Delivering a Hight & Tight Pitch
By Hermann Luttmann
I have always been a baseball fan. From the days of going to the Mayor’s Trophy Game with my father (the only time the Mets and Yankees played each other back then) to being at Game 7 of the 1986 World Series and through to today, baseball has been an important part of my life. I even named most of the Heroes in my recently-published Dawn of the Zeds game after former New York Mets players. So when Terry Coleman of VPG asked me to design a game to follow his TC Tennis game for their fledgling Sports Game Line, I could not resist attempting a baseball game. I decided to try and design a game that was more accessible to the non-baseball fan, but one that still oozed the necessary baseball theme and strategy.
Despite being a huge fan of Strat-O-Matic, I consciously tired to avoid doing a clone of that style of game. More to the point, my actual design influences were Avalon Hill’s Pennant Race and Slapshot games. Why? Well, I loved the unique vision used in Pennant Race, as the player could simulate an entire game with one roll of the dice and thus complete a full season in one sitting! And with Slapshot, there was a prevalent tongue-in-cheek “fun factor” and ease of play that was missing in the other simple sports games that I had tried.
So I started designing High & Tight with the idea that this game would be a card-and-dice game that wives, daughters, sons and non-baseball fans alike could play and enjoy. But just as importantly, it still had to appeal to the dedicated hardball fan and provide a viable outlet for his hardcore baseball desires. The heart of the game became a simple statistical model that breaks a ballgame down into basic percentages. So if there’s a 10% chance to score a run in a situation, High & Tight resolves that situation withone die roll instead of the three or so rolls used in the more detailed baseball games. The central “percentage-setter” is the pitcher. Pitchers are rated by their ERA’s (called “Stuff” in the game) and this is expressed as a number of die rolls along with a target number (expressed as a Roman Number to avoid confusion). The target number is the sum that needs to be rolled on the two dice to score a run. For example, a pitcher with an ERA of 3.00 would have Stuff of “2 / VII”. This means that the pitcher will roll a pair of dice two times each inning and the batter will score a run with each roll of “7”. This will result, on average, in scoring 3 runs over the course of 9 innings (a total of 18 rolls with a 1/6th chance to score with each roll) and therefore a 3.00 ERA. Pitchers are also numerically-rated for “K”, “Control”, “Gopher”, “WHIP” and “Clutch” skills, which are utilized in certain circumstances with the Strategy Cards.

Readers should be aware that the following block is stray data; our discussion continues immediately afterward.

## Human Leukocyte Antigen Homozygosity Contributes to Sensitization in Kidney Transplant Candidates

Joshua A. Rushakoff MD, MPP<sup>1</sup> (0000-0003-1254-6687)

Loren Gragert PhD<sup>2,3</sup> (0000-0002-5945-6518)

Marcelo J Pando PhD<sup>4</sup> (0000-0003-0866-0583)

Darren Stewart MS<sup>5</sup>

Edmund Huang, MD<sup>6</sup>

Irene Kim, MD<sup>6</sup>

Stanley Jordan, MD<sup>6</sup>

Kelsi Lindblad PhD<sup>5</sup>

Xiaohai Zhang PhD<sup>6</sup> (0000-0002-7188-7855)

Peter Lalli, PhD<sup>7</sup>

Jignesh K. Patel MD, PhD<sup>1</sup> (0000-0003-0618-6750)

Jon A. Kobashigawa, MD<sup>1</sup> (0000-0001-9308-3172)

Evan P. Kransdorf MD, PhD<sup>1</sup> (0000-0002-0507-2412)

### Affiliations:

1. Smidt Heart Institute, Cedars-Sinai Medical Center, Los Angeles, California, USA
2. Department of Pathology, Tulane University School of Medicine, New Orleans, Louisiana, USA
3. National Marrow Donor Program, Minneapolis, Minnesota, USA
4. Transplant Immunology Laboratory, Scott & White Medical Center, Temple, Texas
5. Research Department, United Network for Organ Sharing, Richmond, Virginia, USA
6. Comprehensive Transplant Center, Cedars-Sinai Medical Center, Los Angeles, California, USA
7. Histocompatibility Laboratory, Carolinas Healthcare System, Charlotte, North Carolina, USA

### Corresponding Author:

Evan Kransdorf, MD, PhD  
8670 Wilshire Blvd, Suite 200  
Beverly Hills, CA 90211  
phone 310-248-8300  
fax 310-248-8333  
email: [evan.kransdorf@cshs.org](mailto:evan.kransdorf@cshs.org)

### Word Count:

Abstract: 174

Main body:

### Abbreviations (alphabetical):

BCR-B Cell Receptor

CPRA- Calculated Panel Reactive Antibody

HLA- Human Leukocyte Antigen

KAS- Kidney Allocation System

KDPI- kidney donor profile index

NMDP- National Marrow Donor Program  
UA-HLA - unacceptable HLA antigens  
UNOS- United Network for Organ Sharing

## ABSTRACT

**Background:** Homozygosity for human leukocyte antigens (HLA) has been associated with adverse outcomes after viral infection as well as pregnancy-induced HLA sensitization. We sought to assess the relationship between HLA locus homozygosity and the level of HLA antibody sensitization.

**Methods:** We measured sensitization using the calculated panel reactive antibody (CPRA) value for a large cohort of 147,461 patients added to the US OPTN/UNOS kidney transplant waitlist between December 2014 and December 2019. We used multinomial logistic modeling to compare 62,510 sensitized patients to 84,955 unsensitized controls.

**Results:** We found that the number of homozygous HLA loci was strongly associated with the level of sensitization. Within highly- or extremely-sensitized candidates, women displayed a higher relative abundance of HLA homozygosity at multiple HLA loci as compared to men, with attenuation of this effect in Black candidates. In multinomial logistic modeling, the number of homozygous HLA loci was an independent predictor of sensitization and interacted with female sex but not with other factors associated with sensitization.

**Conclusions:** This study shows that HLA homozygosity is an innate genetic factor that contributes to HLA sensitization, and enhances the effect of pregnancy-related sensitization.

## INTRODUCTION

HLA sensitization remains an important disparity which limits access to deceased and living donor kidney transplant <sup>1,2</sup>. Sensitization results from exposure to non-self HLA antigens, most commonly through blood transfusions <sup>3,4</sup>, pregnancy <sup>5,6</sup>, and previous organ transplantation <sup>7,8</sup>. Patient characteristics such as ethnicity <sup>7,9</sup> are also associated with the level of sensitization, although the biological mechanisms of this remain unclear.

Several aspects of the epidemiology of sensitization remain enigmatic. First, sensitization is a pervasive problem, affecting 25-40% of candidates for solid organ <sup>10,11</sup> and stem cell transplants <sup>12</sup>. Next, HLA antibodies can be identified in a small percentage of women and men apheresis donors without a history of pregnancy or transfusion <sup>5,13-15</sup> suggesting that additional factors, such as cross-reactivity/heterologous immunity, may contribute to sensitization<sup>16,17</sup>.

Ah yes, the Strategy Cards! In order to add to the feel and narrative of the game (and to cut out multiple die rolling events), the game uses Strategy Cards. Each card is titled with a baseball slang term or phrase that describes the action. The players use these cards offensively and defensively to simply increase or decrease the odds of scoring (as they will alter the pitcher’s percentage mentioned above).
Each inning has its own assigned Strategy which dictates which cards can be played. The inning Strategies are intentionally set up in the normal skill order of a typical baseball lineup – a fast leadoff hitter (1st inning is Speed), a good contact hitter second (2nd inning is On-Base Percentage), the best pure hitter third (3rd inning is None, meaning you need a good Offense rating to have a positive affect), the star “cleanup” hitter fourth (4th inning is Clutch) and your big-boppers bat fifth and sixth (both innings are Power).
The next inning is the “7th inning Stretch” where you get to draw additional cards to gear up for the last third of the game. The 9th inning is, of course, a “Clutch” strategy inning as well.
The ballplayers themselves are also numerically-rated in certain important skills – “Offense”, “Defense”, “Power”, “Speed”, “On-Base Percentage” and “Clutch”.
In each of the nine innings, one of your nine ballplayers will be assigned to be the batter and the fielder that inning. In this sense, the game is like Slapshot’s “mano-a-mano” matchup system – the two opposing ballplayers will match their skills against one another in that inning only. They will take turns both batting and fielding against one another. You, as the manager, have to be clever deciding which player is assigned to the inning (each player can only appear once in the game) and how to play your Strategy cards.
After the cards are played, a final adjusted number of die rolls are made along with a possibly new target number. Whether the number of rolls and target number are higher or lower than existed at the start is dependent on how well the managers manipulated their lineups and how well they played their cards.
These final scoring die rolls are made by the batting player and each successful roll will score a run for that half of the inning.
High & Tight does take a significantly different approach to baseball simulation. Instead of the 100+ die rolls of the more traditional detailed games, the Strategy cards act as a catalyst for all those other events and instead provide a narrative of the action, concentrating on the one or two significant aspects of each player’s contribution to the game.
Essentially the game takes a “mega-view” of what the ballplayer does to help his side win (or lose) and the cards provide the storyline to help place that contribution in the context of a baseball game. It’s up to the manager (i.e. you) to take the cards dealt him, analyze the situations that arise and utilize his ballplayers and pitchers skills to maximize his odds of winning.
I’m hoping that these elements will make High & Tight a successful combination of a card management/dice-rolling family game and a flavorful baseball simulation.
Categories: High & Tight